Ponder the soul; for it is the source of all our inspirations
for material, mental, and spiritual success. ~ Paramahansa Yogananda
When the Peace Corps sent Susana Herrera to teach English in northern Cameroon, she was ecstatic. In her book, “Mango Elephants in the Sun,” she describes how she wanted to blend in to her adopted village, to drink deep from the well of the spirit of Mother Africa – and to make a positive difference.
The villagers, however, regarded her as a rich privileged American tourist, a nasara (white person) who had never encountered hardship and suffering. The women in the village stared at her in silence when she went to the village well to pump water to fill her bucket. They laughed at her when her foot became entangled in her sarong causing her to trip and fall as she tried to balance the water bucket on her head. When she attempted to break the ice by engaging the village children in play, they ran from her screaming in fear. This was not the experience she expected.
Susanna didn’t want to be an outsider, but she could not have felt more isolated and alone. As she watched the village women sitting in their sacred sister circle, she noticed her neighbor Clotilde, also an outsider, arriving at the well. Clotilde had made friends with the women and had become a part of their daily lives. Intrigued by their acceptance of her, Susanna watched closely as Clotilde greeted each of the women asking, “Jam bah doo nah?” It means, “Are you in your skin?” or more accurately, “Is your soul in your body?” They respond to her enthusiastically exclaiming “Jam core doo may.” “Oh yes. I am in my skin. I am alive and in my skin. My soul is in my body.”
Each of us, like Susanna, has a need to belong, to feel a part of a community. We long for connection with others. It is natural. Being an outsider can cause us to feel the pain of alienation so we sometimes sacrifice our aloneness to be with others, trying to fit in, even when we are not welcomed. Although the circumstances vary, each of us at various times in our lives has had to confront our sense of isolation. As painful and scary as it can be, experiencing your aloneness can teach you how to enjoy the pleasure of your own company ~ how to welcome and fit in with yourself. Embracing aloneness teaches you how to sit through the discomfort of loneliness so you can get to the other side of it and realize it didn’t kill you. Embracing aloneness teaches you how to be in your own skin and prepares you for being in healthy relationship to others.
Sitting with our aloneness requires courage and begs the question, “How do I live in my own skin? How do I live with myself as an autonomous being?” Rabbi Tamara Kolton teaches that loneliness should not be avoided because it is the soul’s longing for itself. Loneliness, she says, is a sign of spiritual hunger pains. It is the longing for connection not just to others; it is the invitation to come home to Self. Learning to cherish and enjoy your solitude rather than fearing and avoiding it allows you to actively begin to know and like yourself. It gives you time to think about how you want to be treated by others and time to practice treating yourself the way you want others to treat you.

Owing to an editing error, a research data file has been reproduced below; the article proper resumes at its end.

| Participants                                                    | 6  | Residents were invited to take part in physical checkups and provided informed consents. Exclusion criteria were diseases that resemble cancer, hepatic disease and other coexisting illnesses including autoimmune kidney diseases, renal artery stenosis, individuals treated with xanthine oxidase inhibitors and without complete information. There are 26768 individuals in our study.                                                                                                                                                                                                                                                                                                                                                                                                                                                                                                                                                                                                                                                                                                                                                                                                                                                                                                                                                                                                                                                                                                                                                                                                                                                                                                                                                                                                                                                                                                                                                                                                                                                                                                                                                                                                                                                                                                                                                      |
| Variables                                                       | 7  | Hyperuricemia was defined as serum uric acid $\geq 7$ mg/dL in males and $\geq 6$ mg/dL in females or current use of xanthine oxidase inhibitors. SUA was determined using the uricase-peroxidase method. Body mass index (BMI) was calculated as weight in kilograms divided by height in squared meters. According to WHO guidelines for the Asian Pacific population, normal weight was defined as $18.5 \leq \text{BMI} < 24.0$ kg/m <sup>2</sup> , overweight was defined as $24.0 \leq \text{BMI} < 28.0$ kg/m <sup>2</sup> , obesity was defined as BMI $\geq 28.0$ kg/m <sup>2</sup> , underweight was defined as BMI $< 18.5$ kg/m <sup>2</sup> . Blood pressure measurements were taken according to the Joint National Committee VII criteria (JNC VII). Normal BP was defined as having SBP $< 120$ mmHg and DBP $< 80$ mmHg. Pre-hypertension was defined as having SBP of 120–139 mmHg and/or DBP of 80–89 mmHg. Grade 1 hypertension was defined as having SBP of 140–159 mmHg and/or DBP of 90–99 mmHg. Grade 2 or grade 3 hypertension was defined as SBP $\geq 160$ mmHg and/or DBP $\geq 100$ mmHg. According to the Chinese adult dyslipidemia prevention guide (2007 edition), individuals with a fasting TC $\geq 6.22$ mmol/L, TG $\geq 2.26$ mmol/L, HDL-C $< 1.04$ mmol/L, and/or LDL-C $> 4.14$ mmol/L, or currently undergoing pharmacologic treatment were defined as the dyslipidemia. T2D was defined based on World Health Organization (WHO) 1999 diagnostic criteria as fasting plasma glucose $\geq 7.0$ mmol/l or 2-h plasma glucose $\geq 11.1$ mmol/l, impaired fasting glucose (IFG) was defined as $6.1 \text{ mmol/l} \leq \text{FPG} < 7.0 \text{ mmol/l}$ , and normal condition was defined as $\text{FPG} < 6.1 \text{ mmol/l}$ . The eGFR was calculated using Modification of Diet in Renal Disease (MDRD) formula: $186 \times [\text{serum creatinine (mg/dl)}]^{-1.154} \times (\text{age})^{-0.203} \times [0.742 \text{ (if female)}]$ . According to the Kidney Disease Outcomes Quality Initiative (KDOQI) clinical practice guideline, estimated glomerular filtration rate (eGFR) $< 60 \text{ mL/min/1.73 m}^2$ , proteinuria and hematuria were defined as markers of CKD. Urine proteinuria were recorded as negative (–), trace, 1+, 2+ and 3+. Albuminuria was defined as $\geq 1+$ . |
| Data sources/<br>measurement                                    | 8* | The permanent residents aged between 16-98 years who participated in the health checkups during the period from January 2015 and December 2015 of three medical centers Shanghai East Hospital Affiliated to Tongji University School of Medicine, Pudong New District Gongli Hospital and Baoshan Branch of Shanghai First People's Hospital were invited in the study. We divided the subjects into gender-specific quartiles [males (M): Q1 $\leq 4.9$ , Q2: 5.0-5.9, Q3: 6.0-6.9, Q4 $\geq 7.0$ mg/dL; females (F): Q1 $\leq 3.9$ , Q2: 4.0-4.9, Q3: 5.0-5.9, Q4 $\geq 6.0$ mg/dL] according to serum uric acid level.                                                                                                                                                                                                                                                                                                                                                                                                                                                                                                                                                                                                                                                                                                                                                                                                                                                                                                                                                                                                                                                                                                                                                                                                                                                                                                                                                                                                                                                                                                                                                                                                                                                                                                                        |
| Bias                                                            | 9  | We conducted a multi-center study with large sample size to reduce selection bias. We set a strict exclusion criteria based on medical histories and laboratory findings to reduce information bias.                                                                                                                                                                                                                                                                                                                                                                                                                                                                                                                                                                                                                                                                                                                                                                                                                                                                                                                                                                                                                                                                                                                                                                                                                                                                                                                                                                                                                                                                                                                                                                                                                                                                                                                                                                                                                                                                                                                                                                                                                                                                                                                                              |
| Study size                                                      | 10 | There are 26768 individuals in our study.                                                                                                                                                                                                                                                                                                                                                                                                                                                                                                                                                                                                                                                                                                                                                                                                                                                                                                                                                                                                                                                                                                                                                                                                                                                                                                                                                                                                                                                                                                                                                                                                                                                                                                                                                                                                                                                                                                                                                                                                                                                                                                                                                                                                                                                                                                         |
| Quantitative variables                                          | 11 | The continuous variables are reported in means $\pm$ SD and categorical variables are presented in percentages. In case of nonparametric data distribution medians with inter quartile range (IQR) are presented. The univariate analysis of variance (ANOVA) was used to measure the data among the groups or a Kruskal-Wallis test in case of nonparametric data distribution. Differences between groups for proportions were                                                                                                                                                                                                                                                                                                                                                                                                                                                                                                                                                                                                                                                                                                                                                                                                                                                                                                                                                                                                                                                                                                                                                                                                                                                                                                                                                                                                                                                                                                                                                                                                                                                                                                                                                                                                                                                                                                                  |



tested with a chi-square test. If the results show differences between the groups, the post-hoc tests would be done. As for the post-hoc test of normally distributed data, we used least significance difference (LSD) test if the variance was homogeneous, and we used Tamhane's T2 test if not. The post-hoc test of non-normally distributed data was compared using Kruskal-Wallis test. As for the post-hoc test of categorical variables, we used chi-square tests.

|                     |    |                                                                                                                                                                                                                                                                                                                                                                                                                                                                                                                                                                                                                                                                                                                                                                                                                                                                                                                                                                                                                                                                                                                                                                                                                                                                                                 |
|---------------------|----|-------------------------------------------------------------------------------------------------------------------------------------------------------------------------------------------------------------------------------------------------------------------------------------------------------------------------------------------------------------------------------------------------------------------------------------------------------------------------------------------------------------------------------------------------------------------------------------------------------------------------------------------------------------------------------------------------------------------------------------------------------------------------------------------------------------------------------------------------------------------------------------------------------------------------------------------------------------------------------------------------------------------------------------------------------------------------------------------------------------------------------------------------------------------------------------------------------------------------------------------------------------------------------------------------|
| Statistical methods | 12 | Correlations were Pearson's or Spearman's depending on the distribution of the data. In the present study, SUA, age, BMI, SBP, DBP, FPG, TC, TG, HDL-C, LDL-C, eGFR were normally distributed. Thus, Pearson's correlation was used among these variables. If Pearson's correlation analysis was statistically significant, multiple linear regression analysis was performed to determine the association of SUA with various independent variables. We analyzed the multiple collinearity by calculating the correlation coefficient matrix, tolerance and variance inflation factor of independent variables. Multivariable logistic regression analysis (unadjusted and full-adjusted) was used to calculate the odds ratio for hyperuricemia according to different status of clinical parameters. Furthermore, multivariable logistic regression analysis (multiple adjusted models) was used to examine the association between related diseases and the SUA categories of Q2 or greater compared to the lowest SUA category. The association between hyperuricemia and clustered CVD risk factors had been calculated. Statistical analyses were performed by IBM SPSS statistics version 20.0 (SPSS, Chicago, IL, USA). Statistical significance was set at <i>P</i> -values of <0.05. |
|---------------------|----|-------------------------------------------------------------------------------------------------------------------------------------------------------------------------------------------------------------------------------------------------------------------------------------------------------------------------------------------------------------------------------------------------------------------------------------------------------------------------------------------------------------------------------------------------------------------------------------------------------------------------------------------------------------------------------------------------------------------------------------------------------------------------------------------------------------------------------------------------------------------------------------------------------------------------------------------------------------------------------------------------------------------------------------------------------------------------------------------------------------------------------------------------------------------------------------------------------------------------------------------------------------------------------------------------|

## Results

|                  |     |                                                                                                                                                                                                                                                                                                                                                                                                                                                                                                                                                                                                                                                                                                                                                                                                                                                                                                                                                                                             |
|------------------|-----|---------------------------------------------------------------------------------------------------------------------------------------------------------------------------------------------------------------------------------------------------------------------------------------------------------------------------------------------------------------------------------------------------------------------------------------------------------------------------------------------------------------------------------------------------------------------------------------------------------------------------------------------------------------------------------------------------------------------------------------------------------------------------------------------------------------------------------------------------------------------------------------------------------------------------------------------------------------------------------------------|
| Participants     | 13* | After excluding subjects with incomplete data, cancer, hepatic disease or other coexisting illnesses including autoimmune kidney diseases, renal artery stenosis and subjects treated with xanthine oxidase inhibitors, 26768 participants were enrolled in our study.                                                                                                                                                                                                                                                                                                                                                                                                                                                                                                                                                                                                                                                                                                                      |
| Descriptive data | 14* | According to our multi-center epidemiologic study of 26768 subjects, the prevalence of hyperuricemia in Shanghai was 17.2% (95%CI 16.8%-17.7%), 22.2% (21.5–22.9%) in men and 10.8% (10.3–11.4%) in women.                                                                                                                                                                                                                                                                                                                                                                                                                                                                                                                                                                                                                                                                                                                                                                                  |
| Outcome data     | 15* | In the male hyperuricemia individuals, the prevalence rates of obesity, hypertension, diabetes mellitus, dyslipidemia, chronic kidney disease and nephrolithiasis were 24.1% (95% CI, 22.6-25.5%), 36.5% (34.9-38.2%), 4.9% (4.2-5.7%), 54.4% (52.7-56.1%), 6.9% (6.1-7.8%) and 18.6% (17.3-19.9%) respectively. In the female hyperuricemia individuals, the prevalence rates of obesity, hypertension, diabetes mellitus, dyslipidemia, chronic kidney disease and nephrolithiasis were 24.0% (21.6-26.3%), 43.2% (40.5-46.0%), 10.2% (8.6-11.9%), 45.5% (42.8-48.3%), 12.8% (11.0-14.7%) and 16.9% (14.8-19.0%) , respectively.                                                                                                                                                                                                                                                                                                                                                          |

Author Elizabeth Gilbert says that during her “Eat Pray Love” journey being alone prepared her for meeting her soul mate. Rather than avoiding her aloneness, she decided to treat herself like she was her own amazing boyfriend, taking herself on great dates, offering herself words of comfort, and asking herself everyday, “What do you need, dear one? What can I do for you?” She says she had the time of her life just being with herself enjoying the pleasure of her own company.
That is our work as evolving human beings. Before we can create optimal relationships with others we have to create optimal relationships with our Self. How? Learn to love your Self. Spend time alone with your Self. Loneliness is the opening to step more fully into your Self, into your Soul. To be able to enjoy aloneness we need to learn to endure loneliness, to go deep into it, and make friends with it.
When we miss the company of a friend, we reach out. We don’t hesitate to call, text, e-mail or visit. So the next time you feel lonely, before you distract yourself by seeking the companionship of someone else, eating another cupcake, going shopping and spending money you don’t have, turning on the TV, or reaching for another glass of wine, put in a call to your Soul. Instead of reaching out, reach in and ask your Self, “Am I in my skin? Is my soul in my body?” Sit in your aloneness until the answer is “Yes, I am alive and in my skin. My soul is in my body.” And when that answer comes you know you have come home to the most important company you will ever keep – your Self. This is the art of Soulful living.